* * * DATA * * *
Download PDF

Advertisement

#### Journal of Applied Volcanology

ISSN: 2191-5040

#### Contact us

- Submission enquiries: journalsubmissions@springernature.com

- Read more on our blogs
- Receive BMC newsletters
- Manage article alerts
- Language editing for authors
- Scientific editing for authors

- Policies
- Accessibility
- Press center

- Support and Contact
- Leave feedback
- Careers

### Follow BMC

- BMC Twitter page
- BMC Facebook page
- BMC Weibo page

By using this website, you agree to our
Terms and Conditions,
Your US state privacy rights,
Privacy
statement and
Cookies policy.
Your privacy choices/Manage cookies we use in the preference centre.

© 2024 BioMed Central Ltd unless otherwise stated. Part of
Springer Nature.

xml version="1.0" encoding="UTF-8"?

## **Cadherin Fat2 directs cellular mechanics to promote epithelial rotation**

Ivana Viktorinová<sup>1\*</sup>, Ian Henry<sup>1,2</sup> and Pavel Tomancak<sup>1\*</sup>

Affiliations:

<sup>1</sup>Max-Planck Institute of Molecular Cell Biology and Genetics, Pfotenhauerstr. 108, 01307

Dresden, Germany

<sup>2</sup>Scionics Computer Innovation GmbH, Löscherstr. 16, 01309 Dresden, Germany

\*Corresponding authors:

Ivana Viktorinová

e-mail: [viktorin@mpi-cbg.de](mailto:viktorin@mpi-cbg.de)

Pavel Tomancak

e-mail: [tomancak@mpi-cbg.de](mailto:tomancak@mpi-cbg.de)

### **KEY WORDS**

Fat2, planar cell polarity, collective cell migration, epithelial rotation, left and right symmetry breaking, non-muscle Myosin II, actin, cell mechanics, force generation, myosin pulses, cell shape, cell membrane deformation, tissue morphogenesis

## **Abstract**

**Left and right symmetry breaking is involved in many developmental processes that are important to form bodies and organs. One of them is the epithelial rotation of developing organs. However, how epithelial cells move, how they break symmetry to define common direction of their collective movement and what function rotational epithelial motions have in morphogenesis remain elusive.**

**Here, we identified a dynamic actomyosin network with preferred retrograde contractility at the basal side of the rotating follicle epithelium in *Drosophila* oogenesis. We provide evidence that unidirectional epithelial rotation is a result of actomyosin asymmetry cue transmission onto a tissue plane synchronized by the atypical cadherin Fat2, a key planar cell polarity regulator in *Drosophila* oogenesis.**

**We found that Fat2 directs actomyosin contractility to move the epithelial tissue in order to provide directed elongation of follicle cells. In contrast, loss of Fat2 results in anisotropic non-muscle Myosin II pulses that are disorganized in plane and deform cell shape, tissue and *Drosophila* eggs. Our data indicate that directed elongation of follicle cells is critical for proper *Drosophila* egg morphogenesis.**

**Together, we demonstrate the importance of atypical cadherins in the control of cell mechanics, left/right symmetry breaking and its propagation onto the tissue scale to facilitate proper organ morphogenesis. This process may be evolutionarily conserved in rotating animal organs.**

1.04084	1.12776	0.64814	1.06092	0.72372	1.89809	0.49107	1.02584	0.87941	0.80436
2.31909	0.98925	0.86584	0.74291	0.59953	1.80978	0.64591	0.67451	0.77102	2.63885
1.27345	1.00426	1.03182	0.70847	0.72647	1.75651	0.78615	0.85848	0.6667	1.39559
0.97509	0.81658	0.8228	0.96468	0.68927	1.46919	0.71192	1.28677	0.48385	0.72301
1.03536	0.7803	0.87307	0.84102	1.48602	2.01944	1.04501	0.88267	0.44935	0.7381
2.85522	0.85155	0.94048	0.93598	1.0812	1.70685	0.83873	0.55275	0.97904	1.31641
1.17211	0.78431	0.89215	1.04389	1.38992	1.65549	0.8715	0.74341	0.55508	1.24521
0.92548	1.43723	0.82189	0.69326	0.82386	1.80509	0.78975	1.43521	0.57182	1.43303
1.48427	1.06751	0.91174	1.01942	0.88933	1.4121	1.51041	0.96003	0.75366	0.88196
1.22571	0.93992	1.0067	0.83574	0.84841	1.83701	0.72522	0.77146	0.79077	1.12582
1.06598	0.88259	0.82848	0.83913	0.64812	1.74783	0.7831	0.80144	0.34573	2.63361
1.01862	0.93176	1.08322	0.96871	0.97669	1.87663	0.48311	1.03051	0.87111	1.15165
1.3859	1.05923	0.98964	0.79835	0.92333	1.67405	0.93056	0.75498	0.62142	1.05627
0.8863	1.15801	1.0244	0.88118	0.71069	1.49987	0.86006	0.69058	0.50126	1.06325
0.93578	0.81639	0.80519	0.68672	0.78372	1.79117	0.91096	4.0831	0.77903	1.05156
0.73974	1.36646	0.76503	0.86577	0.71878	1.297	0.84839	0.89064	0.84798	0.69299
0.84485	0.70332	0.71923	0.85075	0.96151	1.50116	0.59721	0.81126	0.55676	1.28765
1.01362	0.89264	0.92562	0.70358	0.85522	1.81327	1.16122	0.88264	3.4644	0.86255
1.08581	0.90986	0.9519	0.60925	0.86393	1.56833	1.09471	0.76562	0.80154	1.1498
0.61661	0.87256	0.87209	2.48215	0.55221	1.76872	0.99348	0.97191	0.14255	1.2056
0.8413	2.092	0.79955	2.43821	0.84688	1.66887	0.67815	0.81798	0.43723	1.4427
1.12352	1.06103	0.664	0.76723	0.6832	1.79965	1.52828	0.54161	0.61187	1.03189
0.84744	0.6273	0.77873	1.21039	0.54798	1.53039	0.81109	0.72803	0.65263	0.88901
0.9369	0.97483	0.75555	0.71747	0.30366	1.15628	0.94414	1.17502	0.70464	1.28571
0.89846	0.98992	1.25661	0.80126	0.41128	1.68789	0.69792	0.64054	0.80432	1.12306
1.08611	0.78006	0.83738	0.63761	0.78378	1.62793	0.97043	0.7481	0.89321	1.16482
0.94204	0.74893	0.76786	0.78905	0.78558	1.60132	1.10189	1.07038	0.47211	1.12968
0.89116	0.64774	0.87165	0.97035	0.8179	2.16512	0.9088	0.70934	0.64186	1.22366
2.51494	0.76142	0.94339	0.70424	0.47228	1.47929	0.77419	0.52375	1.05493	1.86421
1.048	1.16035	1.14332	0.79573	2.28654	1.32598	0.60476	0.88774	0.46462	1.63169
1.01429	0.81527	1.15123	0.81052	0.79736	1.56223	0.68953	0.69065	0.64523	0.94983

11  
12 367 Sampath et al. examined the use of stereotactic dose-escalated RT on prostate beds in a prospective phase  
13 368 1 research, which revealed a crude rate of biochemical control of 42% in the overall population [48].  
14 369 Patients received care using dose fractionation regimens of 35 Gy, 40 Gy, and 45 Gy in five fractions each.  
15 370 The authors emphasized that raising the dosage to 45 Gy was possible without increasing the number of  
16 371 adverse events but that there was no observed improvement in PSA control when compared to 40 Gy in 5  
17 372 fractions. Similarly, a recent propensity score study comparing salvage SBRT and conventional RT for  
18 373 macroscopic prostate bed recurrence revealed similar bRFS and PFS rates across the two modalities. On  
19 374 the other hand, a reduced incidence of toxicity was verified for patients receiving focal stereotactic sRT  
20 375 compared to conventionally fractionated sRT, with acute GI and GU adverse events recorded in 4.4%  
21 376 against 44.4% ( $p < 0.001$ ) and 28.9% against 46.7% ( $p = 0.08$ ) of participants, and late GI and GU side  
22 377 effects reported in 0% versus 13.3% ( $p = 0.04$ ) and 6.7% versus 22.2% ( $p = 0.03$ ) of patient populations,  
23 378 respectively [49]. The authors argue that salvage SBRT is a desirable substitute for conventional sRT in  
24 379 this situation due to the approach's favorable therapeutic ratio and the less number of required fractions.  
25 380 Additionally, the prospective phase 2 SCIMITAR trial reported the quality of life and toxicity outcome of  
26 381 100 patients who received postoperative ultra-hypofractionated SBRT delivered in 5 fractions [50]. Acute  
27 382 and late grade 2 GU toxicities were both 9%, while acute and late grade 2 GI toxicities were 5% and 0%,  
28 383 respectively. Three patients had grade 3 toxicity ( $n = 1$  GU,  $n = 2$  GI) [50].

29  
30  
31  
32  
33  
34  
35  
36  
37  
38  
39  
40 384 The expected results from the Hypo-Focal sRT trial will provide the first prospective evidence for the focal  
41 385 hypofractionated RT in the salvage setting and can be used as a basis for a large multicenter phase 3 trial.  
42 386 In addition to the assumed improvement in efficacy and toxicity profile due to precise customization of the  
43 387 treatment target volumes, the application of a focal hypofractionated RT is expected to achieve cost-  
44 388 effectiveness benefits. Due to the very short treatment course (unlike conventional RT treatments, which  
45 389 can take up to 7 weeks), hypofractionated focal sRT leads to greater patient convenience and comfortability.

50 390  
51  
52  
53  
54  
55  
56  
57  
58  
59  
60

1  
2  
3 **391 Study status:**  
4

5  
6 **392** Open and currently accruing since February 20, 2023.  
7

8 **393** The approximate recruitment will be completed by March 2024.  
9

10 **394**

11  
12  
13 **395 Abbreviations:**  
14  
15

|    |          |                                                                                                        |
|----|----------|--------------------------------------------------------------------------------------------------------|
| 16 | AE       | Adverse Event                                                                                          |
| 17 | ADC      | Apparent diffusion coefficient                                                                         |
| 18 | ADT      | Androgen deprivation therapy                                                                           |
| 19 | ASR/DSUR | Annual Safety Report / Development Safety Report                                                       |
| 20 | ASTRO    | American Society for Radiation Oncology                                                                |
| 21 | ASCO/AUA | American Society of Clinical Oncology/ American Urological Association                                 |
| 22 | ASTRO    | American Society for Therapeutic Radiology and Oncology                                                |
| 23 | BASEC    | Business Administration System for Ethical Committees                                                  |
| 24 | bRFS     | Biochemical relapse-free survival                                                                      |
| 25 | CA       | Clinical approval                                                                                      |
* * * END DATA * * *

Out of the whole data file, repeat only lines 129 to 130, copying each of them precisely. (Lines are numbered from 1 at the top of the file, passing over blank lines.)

3 **391 Study status:**  
4